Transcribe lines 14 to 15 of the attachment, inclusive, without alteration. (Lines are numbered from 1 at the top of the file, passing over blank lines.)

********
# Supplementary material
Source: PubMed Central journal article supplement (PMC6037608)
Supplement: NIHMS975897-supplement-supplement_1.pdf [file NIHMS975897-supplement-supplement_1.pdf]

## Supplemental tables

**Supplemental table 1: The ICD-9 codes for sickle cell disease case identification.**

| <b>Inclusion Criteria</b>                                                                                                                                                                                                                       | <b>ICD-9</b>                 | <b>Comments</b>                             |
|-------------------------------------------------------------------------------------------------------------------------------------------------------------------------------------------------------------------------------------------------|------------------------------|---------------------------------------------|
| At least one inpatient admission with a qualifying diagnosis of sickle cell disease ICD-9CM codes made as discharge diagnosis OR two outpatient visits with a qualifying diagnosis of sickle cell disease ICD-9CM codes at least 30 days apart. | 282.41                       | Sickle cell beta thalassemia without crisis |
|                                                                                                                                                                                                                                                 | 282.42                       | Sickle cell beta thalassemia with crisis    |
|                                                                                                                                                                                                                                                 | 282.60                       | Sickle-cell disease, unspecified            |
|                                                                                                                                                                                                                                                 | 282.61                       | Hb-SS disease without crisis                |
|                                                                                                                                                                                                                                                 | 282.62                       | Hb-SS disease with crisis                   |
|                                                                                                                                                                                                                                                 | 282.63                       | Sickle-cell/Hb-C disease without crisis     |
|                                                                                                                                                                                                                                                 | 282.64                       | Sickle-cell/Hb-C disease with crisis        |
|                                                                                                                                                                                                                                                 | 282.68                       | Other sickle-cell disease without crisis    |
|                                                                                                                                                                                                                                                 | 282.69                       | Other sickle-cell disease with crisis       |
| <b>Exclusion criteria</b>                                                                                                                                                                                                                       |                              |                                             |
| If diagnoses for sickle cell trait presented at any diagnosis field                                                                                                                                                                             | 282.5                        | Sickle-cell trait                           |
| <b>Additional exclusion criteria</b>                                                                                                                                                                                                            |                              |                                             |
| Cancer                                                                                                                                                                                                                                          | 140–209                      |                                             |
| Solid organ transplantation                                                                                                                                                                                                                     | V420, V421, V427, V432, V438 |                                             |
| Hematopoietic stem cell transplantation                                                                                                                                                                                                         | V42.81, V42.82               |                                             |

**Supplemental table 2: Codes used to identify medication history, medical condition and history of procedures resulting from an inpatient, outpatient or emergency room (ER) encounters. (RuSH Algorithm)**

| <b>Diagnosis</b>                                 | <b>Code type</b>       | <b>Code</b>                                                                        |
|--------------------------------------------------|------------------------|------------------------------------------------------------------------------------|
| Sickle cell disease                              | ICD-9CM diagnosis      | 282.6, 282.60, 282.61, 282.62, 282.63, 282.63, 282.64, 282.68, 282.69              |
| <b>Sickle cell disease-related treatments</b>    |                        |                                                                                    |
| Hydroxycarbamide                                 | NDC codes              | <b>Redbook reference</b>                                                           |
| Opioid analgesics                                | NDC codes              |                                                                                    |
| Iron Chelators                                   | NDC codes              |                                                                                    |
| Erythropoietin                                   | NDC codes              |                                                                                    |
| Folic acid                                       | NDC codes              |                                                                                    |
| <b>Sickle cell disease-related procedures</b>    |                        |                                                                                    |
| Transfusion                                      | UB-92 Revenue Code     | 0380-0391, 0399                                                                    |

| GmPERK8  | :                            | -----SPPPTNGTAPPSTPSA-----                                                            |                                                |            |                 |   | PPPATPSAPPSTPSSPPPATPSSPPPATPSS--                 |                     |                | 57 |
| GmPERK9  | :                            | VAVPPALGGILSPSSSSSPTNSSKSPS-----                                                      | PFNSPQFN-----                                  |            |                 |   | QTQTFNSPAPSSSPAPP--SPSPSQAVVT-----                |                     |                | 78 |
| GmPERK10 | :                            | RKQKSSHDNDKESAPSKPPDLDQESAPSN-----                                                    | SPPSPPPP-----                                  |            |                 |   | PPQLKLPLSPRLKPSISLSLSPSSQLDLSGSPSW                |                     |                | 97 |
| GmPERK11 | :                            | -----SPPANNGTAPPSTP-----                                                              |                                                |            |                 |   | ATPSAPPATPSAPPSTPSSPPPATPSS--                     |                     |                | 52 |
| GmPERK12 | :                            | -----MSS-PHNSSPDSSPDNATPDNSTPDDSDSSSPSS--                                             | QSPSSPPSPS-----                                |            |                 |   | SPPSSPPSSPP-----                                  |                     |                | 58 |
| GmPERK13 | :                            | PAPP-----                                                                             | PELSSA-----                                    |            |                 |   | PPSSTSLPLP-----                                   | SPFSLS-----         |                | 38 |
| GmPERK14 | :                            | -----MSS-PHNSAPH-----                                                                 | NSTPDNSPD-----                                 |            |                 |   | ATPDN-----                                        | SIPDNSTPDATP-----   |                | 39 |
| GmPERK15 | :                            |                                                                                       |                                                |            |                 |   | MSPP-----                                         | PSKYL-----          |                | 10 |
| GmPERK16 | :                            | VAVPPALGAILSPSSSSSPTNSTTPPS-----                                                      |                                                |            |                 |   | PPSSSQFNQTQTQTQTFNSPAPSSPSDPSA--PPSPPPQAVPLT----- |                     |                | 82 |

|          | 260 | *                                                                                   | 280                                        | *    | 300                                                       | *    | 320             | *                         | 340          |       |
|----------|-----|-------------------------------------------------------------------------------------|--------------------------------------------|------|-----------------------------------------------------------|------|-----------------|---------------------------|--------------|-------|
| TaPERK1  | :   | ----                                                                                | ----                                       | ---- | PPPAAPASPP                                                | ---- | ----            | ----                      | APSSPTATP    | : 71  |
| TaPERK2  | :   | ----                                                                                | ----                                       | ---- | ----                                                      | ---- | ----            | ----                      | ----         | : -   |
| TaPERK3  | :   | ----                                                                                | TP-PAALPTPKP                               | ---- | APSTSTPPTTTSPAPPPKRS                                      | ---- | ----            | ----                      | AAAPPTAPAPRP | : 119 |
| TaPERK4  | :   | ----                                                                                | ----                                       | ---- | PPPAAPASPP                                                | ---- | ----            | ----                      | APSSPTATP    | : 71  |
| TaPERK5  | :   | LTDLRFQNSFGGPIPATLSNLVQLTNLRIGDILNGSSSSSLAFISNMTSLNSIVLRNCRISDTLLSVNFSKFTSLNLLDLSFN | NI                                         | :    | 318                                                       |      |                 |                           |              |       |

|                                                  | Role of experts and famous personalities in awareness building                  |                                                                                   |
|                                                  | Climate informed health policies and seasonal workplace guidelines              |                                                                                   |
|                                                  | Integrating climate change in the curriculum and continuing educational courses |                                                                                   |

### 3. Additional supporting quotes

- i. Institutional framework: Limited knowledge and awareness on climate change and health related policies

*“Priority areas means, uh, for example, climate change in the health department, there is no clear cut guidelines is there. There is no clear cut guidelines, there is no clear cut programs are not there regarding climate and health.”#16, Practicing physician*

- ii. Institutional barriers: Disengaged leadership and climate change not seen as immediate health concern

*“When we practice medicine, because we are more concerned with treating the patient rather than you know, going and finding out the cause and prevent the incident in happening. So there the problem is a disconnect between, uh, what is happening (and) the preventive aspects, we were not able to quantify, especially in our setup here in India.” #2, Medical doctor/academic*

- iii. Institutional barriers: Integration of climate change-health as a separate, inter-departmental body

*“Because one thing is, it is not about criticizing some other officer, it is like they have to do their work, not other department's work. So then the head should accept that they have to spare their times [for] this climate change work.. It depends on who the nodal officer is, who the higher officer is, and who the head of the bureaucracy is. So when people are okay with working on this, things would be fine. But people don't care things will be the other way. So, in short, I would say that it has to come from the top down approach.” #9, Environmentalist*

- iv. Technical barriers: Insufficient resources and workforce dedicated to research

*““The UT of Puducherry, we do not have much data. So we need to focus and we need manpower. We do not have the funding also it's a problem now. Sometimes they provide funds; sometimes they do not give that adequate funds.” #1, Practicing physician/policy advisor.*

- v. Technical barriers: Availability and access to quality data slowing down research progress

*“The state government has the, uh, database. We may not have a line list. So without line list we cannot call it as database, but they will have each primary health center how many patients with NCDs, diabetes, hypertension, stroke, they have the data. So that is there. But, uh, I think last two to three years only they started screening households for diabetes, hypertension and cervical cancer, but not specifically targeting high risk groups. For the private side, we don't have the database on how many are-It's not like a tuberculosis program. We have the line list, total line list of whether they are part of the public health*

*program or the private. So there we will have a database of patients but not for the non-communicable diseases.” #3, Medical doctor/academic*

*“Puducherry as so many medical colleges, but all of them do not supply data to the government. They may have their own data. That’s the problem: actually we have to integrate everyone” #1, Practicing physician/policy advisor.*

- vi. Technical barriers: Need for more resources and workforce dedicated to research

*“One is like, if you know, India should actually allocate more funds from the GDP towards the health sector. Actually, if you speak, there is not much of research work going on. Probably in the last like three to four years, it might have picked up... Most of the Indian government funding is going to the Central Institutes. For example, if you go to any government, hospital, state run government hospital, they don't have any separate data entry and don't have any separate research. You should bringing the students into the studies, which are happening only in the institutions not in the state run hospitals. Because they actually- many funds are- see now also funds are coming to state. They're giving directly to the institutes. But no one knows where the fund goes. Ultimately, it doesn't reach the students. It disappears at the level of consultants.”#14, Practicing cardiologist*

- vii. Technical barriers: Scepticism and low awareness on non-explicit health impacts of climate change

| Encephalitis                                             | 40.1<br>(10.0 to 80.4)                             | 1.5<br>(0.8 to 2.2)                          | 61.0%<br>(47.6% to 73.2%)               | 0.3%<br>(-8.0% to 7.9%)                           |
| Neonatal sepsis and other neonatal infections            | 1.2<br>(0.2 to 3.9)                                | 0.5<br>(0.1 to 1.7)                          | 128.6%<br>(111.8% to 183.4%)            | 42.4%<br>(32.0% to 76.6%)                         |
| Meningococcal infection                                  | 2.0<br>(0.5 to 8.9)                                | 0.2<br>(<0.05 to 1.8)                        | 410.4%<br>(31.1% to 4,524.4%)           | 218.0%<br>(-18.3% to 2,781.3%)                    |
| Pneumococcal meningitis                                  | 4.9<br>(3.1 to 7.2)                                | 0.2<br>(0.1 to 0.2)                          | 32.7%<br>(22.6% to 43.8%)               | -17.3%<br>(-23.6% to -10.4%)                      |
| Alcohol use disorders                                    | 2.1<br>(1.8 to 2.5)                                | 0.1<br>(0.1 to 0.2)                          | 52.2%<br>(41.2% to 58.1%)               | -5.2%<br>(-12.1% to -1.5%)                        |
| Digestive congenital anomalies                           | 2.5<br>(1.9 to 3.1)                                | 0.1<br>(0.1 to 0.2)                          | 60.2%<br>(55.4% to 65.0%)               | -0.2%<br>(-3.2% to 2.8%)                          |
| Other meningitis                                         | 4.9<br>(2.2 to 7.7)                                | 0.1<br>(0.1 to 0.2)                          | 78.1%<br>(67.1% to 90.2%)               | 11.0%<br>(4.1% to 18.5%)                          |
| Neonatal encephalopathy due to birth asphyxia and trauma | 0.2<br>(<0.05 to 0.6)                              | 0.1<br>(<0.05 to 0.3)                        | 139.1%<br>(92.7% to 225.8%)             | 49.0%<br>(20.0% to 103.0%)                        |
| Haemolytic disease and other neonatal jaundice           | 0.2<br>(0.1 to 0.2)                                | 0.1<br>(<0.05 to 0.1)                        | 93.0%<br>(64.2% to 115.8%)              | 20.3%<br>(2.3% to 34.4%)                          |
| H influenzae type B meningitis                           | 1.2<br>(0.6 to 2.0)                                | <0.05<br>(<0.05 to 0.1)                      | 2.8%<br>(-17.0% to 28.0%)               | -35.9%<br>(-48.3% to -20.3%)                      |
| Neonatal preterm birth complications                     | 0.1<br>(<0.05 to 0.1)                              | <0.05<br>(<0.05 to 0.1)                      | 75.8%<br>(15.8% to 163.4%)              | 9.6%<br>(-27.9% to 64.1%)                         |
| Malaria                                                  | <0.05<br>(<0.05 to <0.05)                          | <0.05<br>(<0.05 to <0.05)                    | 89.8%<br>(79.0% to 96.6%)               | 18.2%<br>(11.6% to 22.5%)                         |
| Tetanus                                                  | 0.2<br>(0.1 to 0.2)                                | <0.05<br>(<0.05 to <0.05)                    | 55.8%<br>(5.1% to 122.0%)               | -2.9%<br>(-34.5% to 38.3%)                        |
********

|                                                                                                                                                                                                                                                 | 282.64                       | Sickle-cell/Hb-C disease with crisis        |
|                                                                                                                                                                                                                                                 | 282.68                       | Other sickle-cell disease without crisis    |